How We Homeschool-Montessori Edition
This week, I’m diving into our homeschool methodology. For the past few months, we’ve been following a mostly unschooling philosophy, but through the years, we have dabbled in multiple methods of learning. As we close on 2017 and begin a new year, I’ve been evaluating our daily rhythm and our goals for the year, and have decided that we need to begin leaning towards a more eclectic version of what we’ve done over the years.
As a result, we made a list of the 4 homeschool methods we agree most with: Charlotte Mason, Montessori, Waldorf, and Unschooling. Each of these methods share slight similarities, but if we’re being honest, following one completely renders the others as completely opposite. By making a list of what we love and don’t, we are forming our own version of homeschool, full of the things we love about each method, despite their differences.
If you want to go back and read the first entry of this series, click here.
Today: The Montessori Method
What we love about Montessori:
- Atmosphere. Again! We’re finding that this is a recurring theme in the homeschool methods we prefer. I love that in Montessori methodology, a huge value is placed on the philosophy that children learn from their environment and the adults in their environment. I also love that Montessori puts a lot of worth into order in the environment. I strive daily to make sure our home is child-friendly…meaning that it encourages them to read, explore, play, and create.
- Giving children a choice. Letting them choose what snack they eat, what order they do their lessons in, and so on give kids a greater sense of responsibility. It helps them understand the consequences of their own decisions, good or bad. And it builds independence.
- Following their interests. I love that the Montessori method is pivotal on working with the interest of the child. We have learned that the simple act of taking into consideration what Explorer Cub is interested in yields exponential results in his learning.
- Unit studies. Hand in hand with the last point, unit studies can be worked around interests, and concrete what children learn.
- Early childhood emphasis. We do like aspects of Montessori’s early childhood approaches. With a toddler in the house, we are in no rush to start “formal” school with him and won’t be for a long time, but we value the importance of building his confidence, independence, and understanding of the world around him. Montessori principles do amazing in this aspect.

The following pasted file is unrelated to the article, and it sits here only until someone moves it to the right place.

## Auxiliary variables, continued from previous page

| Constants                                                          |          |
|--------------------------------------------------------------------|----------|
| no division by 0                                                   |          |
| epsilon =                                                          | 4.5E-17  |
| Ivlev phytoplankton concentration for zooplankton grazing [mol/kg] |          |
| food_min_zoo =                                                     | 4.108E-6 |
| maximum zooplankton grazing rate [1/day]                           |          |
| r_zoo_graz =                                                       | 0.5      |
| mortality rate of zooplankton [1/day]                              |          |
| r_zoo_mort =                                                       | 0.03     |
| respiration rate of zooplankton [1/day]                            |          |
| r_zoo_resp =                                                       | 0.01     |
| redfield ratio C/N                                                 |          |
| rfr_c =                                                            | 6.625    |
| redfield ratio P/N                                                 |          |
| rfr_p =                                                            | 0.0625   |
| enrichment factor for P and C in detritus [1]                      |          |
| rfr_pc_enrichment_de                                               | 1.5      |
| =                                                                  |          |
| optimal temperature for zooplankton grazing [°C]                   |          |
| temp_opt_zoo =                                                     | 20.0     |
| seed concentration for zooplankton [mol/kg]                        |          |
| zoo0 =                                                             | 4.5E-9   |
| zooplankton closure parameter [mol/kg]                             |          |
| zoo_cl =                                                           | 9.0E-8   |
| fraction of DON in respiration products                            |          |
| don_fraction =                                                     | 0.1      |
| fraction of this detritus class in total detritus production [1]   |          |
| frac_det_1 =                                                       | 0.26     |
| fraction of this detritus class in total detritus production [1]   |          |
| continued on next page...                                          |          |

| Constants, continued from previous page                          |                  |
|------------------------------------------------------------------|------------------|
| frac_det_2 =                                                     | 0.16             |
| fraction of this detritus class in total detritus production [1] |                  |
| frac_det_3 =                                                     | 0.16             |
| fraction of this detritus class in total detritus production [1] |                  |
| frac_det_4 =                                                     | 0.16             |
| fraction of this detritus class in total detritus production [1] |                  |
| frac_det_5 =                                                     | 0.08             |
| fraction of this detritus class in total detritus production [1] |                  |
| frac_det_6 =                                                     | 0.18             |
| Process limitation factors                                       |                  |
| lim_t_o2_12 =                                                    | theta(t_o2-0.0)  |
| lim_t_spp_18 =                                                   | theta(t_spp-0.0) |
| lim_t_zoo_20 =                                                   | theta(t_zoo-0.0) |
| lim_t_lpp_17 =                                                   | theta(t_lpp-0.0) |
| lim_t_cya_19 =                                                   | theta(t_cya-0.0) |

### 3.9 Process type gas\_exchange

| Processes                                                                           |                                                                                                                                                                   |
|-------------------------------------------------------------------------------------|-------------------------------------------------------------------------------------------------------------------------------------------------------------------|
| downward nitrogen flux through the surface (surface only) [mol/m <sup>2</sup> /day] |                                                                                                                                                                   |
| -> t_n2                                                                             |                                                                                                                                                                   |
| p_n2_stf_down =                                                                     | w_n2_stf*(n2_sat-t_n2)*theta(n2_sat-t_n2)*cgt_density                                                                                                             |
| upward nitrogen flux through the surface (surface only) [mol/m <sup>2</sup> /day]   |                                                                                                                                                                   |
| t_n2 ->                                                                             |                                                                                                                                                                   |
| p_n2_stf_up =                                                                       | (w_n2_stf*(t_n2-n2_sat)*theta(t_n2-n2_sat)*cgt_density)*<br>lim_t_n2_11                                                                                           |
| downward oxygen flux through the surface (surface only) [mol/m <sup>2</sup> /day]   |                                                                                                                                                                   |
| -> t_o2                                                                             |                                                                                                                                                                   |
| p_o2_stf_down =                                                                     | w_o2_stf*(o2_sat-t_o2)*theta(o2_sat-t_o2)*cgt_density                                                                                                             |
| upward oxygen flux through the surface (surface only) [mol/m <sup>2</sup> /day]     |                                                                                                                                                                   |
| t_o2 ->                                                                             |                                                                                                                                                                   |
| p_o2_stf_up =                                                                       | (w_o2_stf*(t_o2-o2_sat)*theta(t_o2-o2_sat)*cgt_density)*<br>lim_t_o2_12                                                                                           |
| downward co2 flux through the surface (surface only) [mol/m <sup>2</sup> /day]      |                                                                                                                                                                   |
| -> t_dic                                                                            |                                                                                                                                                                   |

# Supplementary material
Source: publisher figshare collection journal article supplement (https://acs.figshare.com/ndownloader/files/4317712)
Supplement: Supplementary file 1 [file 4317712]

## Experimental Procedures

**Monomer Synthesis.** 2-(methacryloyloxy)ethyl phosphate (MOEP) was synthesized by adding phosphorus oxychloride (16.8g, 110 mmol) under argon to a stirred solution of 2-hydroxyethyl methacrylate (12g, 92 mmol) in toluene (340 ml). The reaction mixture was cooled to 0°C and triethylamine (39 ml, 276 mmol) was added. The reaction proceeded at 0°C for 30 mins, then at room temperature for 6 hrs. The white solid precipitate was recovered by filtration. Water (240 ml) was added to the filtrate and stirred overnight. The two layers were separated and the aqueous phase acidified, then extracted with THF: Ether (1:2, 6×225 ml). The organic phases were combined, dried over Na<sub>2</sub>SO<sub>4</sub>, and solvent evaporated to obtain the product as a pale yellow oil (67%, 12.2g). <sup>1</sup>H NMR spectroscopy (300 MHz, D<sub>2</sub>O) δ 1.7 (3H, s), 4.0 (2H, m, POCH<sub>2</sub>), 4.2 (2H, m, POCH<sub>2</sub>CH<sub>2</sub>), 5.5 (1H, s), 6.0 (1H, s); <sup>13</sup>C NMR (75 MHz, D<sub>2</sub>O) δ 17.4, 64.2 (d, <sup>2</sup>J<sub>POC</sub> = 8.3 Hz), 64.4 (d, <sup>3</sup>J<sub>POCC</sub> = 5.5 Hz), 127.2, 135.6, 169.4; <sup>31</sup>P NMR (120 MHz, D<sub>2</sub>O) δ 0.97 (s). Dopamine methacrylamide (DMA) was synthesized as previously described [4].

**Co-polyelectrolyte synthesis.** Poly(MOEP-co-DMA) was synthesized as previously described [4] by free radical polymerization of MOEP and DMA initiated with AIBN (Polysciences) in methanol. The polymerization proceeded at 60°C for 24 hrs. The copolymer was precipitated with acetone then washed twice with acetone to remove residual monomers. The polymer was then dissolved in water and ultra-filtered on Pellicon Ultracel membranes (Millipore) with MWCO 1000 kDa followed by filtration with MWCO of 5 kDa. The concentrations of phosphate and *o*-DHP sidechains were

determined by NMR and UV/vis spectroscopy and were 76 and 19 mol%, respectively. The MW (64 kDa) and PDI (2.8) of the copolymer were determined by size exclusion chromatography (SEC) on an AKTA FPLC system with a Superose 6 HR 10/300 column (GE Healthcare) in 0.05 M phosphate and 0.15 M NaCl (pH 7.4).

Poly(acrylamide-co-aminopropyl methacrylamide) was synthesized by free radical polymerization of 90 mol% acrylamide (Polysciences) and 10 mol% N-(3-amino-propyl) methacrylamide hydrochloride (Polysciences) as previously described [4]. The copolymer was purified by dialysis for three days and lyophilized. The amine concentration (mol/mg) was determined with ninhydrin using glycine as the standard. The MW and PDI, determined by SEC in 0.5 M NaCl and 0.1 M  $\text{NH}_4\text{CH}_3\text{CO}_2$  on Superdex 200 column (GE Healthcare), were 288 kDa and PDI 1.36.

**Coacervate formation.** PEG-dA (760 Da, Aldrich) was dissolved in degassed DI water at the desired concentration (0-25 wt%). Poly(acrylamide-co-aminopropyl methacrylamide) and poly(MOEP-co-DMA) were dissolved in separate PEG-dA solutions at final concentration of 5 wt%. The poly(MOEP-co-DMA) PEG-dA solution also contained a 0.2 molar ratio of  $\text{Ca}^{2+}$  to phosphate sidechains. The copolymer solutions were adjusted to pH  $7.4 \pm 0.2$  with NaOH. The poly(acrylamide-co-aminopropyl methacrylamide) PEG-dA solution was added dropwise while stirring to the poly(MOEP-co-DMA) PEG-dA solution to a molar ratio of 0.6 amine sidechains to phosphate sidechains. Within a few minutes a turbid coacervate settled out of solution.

- The materials. I’ve always been fond of Montessori materials…and my boys have been, as well. I love that wood toys are encouraged, especially wood toys that challenge the mind.
What we’re not so fond of about Montessori:
- No reward system. I’m going to be honest here, there are definitely parts of our school day and even daily rhythm that Explorer Cub is rewarded for. He’s a big fan of Komodo Math, for the fact that even when he has a tough time with a lesson, he knows that he might get a message from his family and can work towards earning rewards from his loved ones.
There aren’t a lot of dislikes that we have for Montessori principles. However, this is just personal impression from over the years, but we feel that while Montessori does a wonderful job of building independence and self-confidence, it has the potential to create a more scientific/scholastic impact on our kids’ childhood. And while that’s not a bad thing at all, we feel that it’s important to mix it with a little bit of the magic of childhood for balance. That being said, that is our own personal opinion of the method. I know that Montessori encourages imagination and play, and that’s wonderful no matter how you approach it.
Please keep in mind that these are only my opinion, and in no way meant to convince you of how to teach your kiddos! As I dive into each method that we feel is part of our homeschooling, I’m learning even more than I knew before. These points are only some aspects of each method…there are even more parts that didn’t make the list. Those things live in the “gray area.” Some of them we use, some of them, we don’t. That’s the beauty of homeschooling…we find exactly what we need to teach of our very unique and exceptional children in the way that helps them learn best. Both of my boys are completely different, and I know that the way I approach schooling with Explorer Cub will be different from the way that Tiny Timber learns!
Do you use Montessori methods in your homeschooling? What is your family’s favorite part of homeschooling this way? Let me know in the comments!